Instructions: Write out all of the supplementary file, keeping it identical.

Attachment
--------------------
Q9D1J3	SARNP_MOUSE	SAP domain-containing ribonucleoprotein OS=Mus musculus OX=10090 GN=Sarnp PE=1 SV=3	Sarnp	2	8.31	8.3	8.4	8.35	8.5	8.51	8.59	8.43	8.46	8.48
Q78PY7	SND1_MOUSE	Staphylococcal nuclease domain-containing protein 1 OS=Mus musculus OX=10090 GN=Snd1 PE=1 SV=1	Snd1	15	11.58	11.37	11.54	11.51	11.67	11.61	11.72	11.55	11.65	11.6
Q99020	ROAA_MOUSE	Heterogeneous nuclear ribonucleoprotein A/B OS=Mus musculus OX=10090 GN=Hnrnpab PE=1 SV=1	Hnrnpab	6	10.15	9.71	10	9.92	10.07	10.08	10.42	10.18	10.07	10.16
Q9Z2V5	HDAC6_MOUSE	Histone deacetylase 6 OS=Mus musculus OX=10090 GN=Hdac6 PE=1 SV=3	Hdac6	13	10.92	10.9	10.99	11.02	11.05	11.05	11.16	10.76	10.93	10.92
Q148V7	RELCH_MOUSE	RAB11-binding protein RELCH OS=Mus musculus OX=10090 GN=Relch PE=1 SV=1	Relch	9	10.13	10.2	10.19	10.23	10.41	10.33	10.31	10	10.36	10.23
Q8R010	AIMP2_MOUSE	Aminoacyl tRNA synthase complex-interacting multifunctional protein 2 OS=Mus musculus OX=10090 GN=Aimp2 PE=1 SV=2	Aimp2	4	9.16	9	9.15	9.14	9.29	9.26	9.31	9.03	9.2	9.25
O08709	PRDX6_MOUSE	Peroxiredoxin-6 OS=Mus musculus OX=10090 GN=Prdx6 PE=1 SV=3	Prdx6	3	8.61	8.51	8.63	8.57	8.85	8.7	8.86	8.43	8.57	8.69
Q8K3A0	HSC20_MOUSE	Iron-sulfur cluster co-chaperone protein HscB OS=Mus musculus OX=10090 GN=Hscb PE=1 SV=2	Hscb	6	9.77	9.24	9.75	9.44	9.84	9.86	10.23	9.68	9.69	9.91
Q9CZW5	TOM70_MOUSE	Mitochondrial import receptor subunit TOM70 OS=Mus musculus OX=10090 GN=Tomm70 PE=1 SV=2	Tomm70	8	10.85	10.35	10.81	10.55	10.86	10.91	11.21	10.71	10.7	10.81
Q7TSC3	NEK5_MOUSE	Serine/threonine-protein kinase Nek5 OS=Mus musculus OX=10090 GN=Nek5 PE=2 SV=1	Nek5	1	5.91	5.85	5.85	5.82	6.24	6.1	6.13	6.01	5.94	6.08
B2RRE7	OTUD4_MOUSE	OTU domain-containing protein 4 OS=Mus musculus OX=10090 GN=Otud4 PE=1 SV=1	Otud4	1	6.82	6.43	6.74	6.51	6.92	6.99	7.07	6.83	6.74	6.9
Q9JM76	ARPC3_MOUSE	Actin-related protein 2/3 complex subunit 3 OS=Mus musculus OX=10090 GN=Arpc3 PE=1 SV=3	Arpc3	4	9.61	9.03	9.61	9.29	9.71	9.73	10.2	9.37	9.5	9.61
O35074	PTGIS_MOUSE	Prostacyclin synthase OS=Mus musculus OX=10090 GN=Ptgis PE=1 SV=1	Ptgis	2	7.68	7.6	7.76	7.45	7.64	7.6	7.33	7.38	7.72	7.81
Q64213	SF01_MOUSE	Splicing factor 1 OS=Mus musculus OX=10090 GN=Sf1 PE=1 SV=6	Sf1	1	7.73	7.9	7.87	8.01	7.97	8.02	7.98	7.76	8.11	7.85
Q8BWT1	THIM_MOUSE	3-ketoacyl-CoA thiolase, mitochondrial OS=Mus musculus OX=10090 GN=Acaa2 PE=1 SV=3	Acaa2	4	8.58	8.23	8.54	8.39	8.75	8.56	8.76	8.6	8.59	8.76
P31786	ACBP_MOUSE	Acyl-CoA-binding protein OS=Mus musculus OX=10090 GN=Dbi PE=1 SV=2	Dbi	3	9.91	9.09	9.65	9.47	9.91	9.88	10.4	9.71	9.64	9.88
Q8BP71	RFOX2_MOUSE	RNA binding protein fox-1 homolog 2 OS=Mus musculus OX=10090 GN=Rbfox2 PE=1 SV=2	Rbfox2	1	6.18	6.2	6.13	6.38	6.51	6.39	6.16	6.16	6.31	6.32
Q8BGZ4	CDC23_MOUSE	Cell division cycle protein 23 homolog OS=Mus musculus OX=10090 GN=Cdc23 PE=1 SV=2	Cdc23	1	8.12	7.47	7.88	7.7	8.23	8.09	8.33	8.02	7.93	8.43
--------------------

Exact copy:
Q9D1J3	SARNP_MOUSE	SAP domain-containing ribonucleoprotein OS=Mus musculus OX=10090 GN=Sarnp PE=1 SV=3	Sarnp	2	8.31	8.3	8.4	8.35	8.5	8.51	8.59	8.43	8.46	8.48
Q78PY7	SND1_MOUSE	Staphylococcal nuclease domain-containing protein 1 OS=Mus musculus OX=10090 GN=Snd1 PE=1 SV=1	Snd1	15	11.58	11.37	11.54	11.51	11.67	11.61	11.72	11.55	11.65	11.6
Q99020	ROAA_MOUSE	Heterogeneous nuclear ribonucleoprotein A/B OS=Mus musculus OX=10090 GN=Hnrnpab PE=1 SV=1	Hnrnpab	6	10.15	9.71	10	9.92	10.07	10.08	10.42	10.18	10.07	10.16
Q9Z2V5	HDAC6_MOUSE	Histone deacetylase 6 OS=Mus musculus OX=10090 GN=Hdac6 PE=1 SV=3	Hdac6	13	10.92	10.9	10.99	11.02	11.05	11.05	11.16	10.76	10.93	10.92
Q148V7	RELCH_MOUSE	RAB11-binding protein RELCH OS=Mus musculus OX=10090 GN=Relch PE=1 SV=1	Relch	9	10.13	10.2	10.19	10.23	10.41	10.33	10.31	10	10.36	10.23
Q8R010	AIMP2_MOUSE	Aminoacyl tRNA synthase complex-interacting multifunctional protein 2 OS=Mus musculus OX=10090 GN=Aimp2 PE=1 SV=2	Aimp2	4	9.16	9	9.15	9.14	9.29	9.26	9.31	9.03	9.2	9.25
O08709	PRDX6_MOUSE	Peroxiredoxin-6 OS=Mus musculus OX=10090 GN=Prdx6 PE=1 SV=3	Prdx6	3	8.61	8.51	8.63	8.57	8.85	8.7	8.86	8.43	8.57	8.69
Q8K3A0	HSC20_MOUSE	Iron-sulfur cluster co-chaperone protein HscB OS=Mus musculus OX=10090 GN=Hscb PE=1 SV=2	Hscb	6	9.77	9.24	9.75	9.44	9.84	9.86	10.23	9.68	9.69	9.91
Q9CZW5	TOM70_MOUSE	Mitochondrial import receptor subunit TOM70 OS=Mus musculus OX=10090 GN=Tomm70 PE=1 SV=2	Tomm70	8	10.85	10.35	10.81	10.55	10.86	10.91	11.21	10.71	10.7	10.81
Q7TSC3	NEK5_MOUSE	Serine/threonine-protein kinase Nek5 OS=Mus musculus OX=10090 GN=Nek5 PE=2 SV=1	Nek5	1	5.91	5.85	5.85	5.82	6.24	6.1	6.13	6.01	5.94	6.08
B2RRE7	OTUD4_MOUSE	OTU domain-containing protein 4 OS=Mus musculus OX=10090 GN=Otud4 PE=1 SV=1	Otud4	1	6.82	6.43	6.74	6.51	6.92	6.99	7.07	6.83	6.74	6.9
Q9JM76	ARPC3_MOUSE	Actin-related protein 2/3 complex subunit 3 OS=Mus musculus OX=10090 GN=Arpc3 PE=1 SV=3	Arpc3	4	9.61	9.03	9.61	9.29	9.71	9.73	10.2	9.37	9.5	9.61
O35074	PTGIS_MOUSE	Prostacyclin synthase OS=Mus musculus OX=10090 GN=Ptgis PE=1 SV=1	Ptgis	2	7.68	7.6	7.76	7.45	7.64	7.6	7.33	7.38	7.72	7.81
Q64213	SF01_MOUSE	Splicing factor 1 OS=Mus musculus OX=10090 GN=Sf1 PE=1 SV=6	Sf1	1	7.73	7.9	7.87	8.01	7.97	8.02	7.98	7.76	8.11	7.85
Q8BWT1	THIM_MOUSE	3-ketoacyl-CoA thiolase, mitochondrial OS=Mus musculus OX=10090 GN=Acaa2 PE=1 SV=3	Acaa2	4	8.58	8.23	8.54	8.39	8.75	8.56	8.76	8.6	8.59	8.76
P31786	ACBP_MOUSE	Acyl-CoA-binding protein OS=Mus musculus OX=10090 GN=Dbi PE=1 SV=2	Dbi	3	9.91	9.09	9.65	9.47	9.91	9.88	10.4	9.71	9.64	9.88
Q8BP71	RFOX2_MOUSE	RNA binding protein fox-1 homolog 2 OS=Mus musculus OX=10090 GN=Rbfox2 PE=1 SV=2	Rbfox2	1	6.18	6.2	6.13	6.38	6.51	6.39	6.16	6.16	6.31	6.32
Q8BGZ4	CDC23_MOUSE	Cell division cycle protein 23 homolog OS=Mus musculus OX=10090 GN=Cdc23 PE=1 SV=2	Cdc23	1	8.12	7.47	7.88	7.7	8.23	8.09	8.33	8.02	7.93	8.43